This wouldn’t be the only challenge faced by Calgary’s Chinatown, but over the years, it has continued to flourish and today is a vibrant reminder of the Chinese pioneers of Calgary.

So join us in the New and Notable area on the Main Floor of the Central Library at noon on June 2 for Mr. Mah’s presentation. You can register in person, by phone at 403-260-2620 or online at

(You can read about the history of Calgary’s Chinatown in Paul Yee’s book Chinatown: an illustrated history of the Chinese communities of Victoria, Vancouver, Calgary… well as other titles. Find them by searching the catalogue using the terms Chinatown Calgary history)

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Dragon Float in Chinatown, 2008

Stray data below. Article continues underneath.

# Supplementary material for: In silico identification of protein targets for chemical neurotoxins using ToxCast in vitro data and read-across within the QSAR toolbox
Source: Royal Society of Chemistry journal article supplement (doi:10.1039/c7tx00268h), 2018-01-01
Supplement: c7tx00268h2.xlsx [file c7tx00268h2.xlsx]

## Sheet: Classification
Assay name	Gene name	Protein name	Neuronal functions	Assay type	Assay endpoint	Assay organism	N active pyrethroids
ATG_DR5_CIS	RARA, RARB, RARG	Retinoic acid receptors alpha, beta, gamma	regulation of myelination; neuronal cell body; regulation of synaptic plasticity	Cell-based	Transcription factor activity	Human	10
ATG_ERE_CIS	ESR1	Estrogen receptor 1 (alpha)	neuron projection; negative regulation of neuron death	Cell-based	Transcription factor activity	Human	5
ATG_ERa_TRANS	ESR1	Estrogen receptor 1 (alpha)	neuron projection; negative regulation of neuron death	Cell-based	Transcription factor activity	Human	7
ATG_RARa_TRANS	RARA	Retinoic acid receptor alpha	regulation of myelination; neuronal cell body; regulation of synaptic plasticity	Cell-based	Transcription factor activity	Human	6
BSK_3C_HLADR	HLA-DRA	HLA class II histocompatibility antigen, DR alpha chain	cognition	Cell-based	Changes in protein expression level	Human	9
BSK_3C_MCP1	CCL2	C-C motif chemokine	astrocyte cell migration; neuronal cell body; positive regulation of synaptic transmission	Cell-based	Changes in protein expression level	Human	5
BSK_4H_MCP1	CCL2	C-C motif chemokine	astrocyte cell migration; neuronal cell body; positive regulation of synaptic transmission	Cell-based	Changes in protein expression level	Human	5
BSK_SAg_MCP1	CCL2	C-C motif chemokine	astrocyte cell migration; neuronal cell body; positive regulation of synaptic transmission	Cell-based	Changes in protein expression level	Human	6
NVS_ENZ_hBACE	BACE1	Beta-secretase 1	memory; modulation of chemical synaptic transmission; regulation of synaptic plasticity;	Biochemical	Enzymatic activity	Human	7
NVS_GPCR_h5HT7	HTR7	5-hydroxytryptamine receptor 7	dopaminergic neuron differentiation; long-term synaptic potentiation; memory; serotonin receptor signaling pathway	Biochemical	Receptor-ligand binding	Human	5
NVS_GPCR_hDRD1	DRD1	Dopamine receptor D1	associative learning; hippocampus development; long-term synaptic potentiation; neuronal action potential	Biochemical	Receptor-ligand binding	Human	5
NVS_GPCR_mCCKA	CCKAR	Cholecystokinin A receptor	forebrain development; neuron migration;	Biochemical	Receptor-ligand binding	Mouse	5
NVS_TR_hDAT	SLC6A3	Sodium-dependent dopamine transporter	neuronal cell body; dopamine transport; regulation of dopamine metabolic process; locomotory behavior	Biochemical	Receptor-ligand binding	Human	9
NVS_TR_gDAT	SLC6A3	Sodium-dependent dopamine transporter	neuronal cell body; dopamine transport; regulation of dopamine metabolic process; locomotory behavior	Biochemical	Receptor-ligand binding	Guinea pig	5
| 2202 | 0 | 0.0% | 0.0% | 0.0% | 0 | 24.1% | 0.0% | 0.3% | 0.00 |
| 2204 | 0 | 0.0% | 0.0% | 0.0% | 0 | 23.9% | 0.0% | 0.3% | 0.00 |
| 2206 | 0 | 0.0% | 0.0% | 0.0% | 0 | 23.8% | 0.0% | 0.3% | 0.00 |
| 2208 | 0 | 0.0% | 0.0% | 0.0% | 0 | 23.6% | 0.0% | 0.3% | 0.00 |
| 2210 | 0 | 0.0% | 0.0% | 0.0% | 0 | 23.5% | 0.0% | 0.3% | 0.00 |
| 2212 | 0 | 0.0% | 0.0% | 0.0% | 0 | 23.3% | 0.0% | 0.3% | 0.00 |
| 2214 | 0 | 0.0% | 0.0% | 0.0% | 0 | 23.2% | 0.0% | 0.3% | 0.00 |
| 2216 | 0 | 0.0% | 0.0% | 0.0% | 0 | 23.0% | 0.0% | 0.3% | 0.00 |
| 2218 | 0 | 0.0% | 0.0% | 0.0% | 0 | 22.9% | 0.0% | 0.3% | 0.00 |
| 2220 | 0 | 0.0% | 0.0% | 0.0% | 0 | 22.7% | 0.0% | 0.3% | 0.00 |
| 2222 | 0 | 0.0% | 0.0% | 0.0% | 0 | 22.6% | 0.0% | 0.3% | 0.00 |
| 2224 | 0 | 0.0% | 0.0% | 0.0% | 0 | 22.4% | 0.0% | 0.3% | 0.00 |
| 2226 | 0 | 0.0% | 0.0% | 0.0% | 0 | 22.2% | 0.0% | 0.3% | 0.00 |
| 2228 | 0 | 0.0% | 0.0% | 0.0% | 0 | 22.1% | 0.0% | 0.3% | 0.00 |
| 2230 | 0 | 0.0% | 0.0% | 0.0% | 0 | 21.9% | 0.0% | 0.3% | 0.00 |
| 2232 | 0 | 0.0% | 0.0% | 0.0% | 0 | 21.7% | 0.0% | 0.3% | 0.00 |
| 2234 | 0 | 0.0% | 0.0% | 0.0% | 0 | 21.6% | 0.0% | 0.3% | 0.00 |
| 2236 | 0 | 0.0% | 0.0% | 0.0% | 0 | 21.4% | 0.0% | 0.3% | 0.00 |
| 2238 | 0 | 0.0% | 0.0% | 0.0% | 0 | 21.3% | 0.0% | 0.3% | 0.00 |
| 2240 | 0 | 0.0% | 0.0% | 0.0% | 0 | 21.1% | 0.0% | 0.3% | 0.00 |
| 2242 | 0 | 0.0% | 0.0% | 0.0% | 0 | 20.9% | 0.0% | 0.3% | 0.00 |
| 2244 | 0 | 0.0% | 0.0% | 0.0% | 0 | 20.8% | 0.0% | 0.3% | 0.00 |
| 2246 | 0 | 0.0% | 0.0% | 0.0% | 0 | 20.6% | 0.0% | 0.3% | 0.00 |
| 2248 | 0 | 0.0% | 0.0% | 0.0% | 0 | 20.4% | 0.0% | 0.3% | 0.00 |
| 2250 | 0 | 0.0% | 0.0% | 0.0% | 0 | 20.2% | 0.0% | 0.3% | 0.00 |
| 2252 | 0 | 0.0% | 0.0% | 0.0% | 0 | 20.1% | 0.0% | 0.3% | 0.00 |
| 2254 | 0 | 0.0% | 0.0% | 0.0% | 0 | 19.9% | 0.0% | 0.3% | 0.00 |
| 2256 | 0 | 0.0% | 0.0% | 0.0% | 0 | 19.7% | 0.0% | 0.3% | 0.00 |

Judith Umbach Photography Collection, JU 000923-8

Why genealogy?

by Christine Hayes - 0 Comment(s)

Diary from iStock

I have been invited to give a brief presentation to a local service club on the why’s and wherefore’s of genealogy. The how-to stuff will be easy. What I have been pondering is the “why” of genealogy. I think I know why I am researching my family. I am nosy – I love gossip. Even gossip that is 100 years old, which is probably why I enjoy reading the society pages of the old newspapers. You wouldn’t believe the stuff they’ll tell you! I suppose I am also curious about how my family got here. What would cause people to pull up stakes and come to a country that was essentially a wilderness? When my ancestor came to Ontario, he had to clear the land on which he would settle. His experiences would have been very similar to those of the Catherine Parr-Traill and Susannah Moodie. And by their accounts it was not a lot of fun.